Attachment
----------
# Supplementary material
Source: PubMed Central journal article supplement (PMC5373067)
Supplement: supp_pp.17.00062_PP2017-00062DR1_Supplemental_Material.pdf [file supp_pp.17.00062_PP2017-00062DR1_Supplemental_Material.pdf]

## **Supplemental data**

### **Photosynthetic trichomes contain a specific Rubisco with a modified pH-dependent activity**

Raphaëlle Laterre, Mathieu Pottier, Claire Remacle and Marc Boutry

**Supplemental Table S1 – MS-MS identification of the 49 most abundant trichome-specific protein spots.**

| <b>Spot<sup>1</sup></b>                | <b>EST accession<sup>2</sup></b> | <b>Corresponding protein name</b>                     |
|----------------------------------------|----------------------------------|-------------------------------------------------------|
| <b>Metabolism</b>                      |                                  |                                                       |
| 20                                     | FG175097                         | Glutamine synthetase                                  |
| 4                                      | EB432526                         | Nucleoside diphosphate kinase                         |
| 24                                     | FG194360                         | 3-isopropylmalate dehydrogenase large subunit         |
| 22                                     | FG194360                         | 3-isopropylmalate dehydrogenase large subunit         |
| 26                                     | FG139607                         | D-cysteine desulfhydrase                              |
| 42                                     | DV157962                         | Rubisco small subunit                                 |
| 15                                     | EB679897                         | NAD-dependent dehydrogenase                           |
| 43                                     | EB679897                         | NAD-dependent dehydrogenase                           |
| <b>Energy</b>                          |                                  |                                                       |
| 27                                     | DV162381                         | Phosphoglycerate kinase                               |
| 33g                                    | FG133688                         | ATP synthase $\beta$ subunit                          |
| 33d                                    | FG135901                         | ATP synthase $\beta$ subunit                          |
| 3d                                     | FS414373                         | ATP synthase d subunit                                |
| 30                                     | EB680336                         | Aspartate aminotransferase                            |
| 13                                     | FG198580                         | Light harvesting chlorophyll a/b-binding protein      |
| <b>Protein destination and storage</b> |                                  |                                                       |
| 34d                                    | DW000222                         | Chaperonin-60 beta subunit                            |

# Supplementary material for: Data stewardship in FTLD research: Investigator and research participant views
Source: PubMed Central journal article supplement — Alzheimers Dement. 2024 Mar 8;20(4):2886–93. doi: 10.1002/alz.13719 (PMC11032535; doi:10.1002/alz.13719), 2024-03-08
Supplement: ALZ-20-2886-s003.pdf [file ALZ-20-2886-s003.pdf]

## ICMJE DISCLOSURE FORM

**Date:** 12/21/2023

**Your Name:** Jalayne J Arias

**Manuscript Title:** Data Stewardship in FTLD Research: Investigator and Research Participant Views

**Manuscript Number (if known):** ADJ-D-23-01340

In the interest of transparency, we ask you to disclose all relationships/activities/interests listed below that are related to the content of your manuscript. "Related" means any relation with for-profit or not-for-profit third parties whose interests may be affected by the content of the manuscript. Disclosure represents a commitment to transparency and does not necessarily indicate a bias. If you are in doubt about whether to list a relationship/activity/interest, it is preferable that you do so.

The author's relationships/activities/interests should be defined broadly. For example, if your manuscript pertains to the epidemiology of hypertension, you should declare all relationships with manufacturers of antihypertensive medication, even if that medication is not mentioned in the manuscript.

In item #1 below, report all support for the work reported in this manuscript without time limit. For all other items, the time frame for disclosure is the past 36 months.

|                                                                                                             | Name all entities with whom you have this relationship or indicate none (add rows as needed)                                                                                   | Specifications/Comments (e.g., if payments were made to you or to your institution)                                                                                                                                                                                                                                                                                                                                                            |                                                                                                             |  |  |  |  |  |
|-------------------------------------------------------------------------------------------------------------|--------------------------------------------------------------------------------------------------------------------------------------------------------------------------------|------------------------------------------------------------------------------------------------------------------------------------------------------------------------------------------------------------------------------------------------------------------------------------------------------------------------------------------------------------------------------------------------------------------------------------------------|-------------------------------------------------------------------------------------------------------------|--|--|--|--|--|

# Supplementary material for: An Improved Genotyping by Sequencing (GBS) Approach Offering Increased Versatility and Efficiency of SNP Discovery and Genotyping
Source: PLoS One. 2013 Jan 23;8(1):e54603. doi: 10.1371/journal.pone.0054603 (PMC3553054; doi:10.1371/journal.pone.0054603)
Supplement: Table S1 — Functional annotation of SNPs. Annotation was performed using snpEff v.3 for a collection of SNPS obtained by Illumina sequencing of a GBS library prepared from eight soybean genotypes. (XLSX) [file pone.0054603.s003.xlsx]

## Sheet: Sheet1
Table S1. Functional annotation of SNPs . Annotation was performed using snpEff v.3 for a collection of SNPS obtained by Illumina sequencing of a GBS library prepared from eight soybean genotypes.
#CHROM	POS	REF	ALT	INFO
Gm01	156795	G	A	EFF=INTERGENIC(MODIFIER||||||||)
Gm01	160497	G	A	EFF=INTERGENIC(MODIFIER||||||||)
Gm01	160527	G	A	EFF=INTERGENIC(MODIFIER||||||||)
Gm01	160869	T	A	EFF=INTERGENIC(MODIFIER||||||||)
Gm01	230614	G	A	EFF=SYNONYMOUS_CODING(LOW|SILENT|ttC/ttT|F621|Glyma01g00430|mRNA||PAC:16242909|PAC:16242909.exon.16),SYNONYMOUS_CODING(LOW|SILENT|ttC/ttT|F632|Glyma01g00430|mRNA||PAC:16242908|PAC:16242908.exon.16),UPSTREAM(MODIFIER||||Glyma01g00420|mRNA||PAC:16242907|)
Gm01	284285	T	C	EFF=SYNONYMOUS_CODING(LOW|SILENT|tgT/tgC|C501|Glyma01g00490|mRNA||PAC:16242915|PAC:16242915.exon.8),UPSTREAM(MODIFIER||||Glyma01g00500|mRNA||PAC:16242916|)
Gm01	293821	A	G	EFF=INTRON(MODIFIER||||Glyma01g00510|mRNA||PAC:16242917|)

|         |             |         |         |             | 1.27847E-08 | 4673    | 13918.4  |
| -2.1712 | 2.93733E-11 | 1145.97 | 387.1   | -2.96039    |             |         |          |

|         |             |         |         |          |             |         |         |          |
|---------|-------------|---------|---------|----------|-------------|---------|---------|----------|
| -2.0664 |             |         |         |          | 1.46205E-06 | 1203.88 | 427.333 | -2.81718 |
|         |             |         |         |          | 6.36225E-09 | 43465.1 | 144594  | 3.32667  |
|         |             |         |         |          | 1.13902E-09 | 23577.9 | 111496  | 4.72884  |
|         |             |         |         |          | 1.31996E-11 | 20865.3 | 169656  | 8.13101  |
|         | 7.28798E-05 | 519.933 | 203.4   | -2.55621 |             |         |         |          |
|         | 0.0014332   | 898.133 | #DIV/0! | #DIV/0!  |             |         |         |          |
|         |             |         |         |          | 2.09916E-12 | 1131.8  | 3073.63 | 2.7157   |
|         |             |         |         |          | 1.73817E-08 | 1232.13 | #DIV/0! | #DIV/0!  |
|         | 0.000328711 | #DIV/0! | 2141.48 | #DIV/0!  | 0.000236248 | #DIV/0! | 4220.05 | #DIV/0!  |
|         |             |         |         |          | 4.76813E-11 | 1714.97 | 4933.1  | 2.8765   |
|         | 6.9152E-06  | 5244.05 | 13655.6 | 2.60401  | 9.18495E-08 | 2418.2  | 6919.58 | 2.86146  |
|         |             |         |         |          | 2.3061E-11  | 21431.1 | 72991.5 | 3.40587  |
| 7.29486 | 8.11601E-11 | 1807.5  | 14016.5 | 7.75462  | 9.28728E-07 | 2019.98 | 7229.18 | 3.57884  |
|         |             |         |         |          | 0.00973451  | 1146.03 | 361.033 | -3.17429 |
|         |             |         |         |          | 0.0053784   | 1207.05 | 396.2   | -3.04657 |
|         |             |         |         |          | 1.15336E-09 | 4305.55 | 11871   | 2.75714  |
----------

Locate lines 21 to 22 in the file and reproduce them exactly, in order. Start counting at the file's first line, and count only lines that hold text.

| 33g                                    | FG133688                         | ATP synthase $\beta$ subunit                          |
| 33d                                    | FG135901                         | ATP synthase $\beta$ subunit                          |